Leading Is Learning: The Need For Greater Student Empowerment On Malaysian University Campuses | Universiti Putra Malaysia
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Leading is Learning: The Need for Greater Student Empowerment on Malaysian University Campuses

**This article was published in English and has no translation in Bahasa Melayu** 

By Assoc. Prof. Dr. Abd. Lateef Krauss Abdullah 

 

I refer to the article, “Student Leaders All in for Party-Free Campus Elections” (The Malay Mail, 19 March).

I couldn’t agree more with the university student leaders quoted in this piece. For too long, Malaysian universities have been engineered according to an educational model that insulates students from not only real-world engagement but even democratic engagement.

There are many scientific arguments (too many to cover here) as to why this is unwise in a time when students are being asked to think more critically, act more entrepreneurially, and acquire a vast array of competencies to prepare them for an uncertain future.

The concept of the university is not to shelter students to ensure that they spend all of their time studying, but rather to provide an educational environment that is dynamic, diverse, challenging, broadening and democratic.

A university should be a laboratory for experiential learning where students practice the roles of democracy alongside adults – administrators, lecturers, community and business leaders – and fellow students.

The youth-adult partnership approach that a university learning environment should promote gives students real opportunities to engage in democratic process, where they are confronted with different opinions on issues that force them to evaluate those positions and form well-justified responses. This is training for living in a vibrant democracy – a fact that has not gone unnoticed by our university student leaders:

“I think that college students should be given more space and freedom to evaluate things. This is because the university is one of the academic spots, a place of exposure to the pros and cons of the political system. The government today needs to place its trust on the students in making choices. The context of student empowerment needs to be raised to a higher level at university.” - Muhd Jivean Johan Wira, Student Leader, University Malaysia Sabah (as quoted in the Malay Mail, 19 March 2019).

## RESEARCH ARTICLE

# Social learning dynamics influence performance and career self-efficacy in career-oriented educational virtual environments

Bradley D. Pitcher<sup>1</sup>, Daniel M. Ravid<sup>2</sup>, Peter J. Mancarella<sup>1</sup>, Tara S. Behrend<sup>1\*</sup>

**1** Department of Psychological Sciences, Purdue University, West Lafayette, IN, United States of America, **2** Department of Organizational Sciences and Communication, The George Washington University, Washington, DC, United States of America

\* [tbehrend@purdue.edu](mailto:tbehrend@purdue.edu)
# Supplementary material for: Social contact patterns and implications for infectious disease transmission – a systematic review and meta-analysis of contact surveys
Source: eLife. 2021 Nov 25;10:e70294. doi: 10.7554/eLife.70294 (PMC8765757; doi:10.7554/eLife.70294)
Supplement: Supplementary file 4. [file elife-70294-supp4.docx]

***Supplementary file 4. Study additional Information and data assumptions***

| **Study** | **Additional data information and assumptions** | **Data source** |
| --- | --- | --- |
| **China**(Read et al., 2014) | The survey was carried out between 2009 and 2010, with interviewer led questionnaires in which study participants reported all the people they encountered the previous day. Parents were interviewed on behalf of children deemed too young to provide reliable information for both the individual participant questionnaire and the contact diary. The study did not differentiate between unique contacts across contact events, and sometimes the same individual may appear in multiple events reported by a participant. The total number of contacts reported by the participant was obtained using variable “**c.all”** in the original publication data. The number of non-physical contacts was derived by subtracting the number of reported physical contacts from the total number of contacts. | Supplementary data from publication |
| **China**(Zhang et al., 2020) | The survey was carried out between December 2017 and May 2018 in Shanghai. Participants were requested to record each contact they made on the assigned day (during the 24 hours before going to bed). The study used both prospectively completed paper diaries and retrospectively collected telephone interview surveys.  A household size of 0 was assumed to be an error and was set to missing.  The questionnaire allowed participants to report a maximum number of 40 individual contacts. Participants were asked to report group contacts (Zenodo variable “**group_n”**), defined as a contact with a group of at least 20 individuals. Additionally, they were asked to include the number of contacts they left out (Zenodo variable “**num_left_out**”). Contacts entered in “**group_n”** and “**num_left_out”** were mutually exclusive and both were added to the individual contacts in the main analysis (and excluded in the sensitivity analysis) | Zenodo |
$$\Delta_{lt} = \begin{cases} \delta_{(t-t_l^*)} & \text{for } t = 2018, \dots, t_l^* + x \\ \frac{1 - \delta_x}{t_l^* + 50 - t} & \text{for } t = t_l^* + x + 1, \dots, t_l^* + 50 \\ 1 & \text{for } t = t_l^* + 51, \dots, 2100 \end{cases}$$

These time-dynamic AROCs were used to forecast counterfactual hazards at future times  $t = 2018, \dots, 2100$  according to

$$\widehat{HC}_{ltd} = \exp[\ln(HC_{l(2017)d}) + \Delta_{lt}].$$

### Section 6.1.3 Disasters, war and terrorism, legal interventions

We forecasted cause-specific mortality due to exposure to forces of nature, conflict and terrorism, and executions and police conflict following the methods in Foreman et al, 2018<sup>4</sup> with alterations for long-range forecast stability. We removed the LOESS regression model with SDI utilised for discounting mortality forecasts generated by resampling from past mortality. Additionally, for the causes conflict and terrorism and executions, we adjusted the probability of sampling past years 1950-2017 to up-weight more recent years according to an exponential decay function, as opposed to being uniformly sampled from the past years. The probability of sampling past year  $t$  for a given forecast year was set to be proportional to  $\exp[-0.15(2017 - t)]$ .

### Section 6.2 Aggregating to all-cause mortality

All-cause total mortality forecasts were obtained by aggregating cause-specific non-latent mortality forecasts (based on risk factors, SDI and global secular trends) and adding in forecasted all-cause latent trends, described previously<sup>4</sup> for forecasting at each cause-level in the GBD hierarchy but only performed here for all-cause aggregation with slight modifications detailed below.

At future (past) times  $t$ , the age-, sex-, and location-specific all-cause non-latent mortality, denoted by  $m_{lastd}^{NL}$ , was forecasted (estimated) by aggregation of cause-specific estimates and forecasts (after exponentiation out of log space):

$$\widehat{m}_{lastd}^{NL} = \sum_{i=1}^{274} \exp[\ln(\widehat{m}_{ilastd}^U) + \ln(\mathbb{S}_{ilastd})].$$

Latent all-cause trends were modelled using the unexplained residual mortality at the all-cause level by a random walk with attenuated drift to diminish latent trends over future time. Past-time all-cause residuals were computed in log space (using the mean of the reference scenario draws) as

In the field of youth studies, it is well-known that most youth-related policies around the world are crafted in reaction to adults’ fear of -- and for -- young people.

This approach, however well-intended it might be, is highly disempowering and often leads youth to feel alienated from society. And with alienation comes a host of other problems. Unfortunately, our university campuses have for the most part been engineered along these lines.

For too long, we have provided university students an educational environment that treats them like children out of fear that they are not responsible enough, or mature enough, to handle real democratic decision-making.

It is high time that we realize that this way of thinking only handicaps our youth. With adult support, young people at 18 to 25 years old are fully capable of grasping the ideals and practices of democracy.

Leading is learning, and giving young people the opportunity to be involved in democratic leadership void of political interference is the best way to train them to be future leaders that are capable, responsible and patriotic.

Assoc. Prof. Dr. Abd. Lateef Krauss Abdullah

Faculty of Educational Studies

Date of Input: 23/10/2019 | Updated: 23/10/2019 | hairul_nizam

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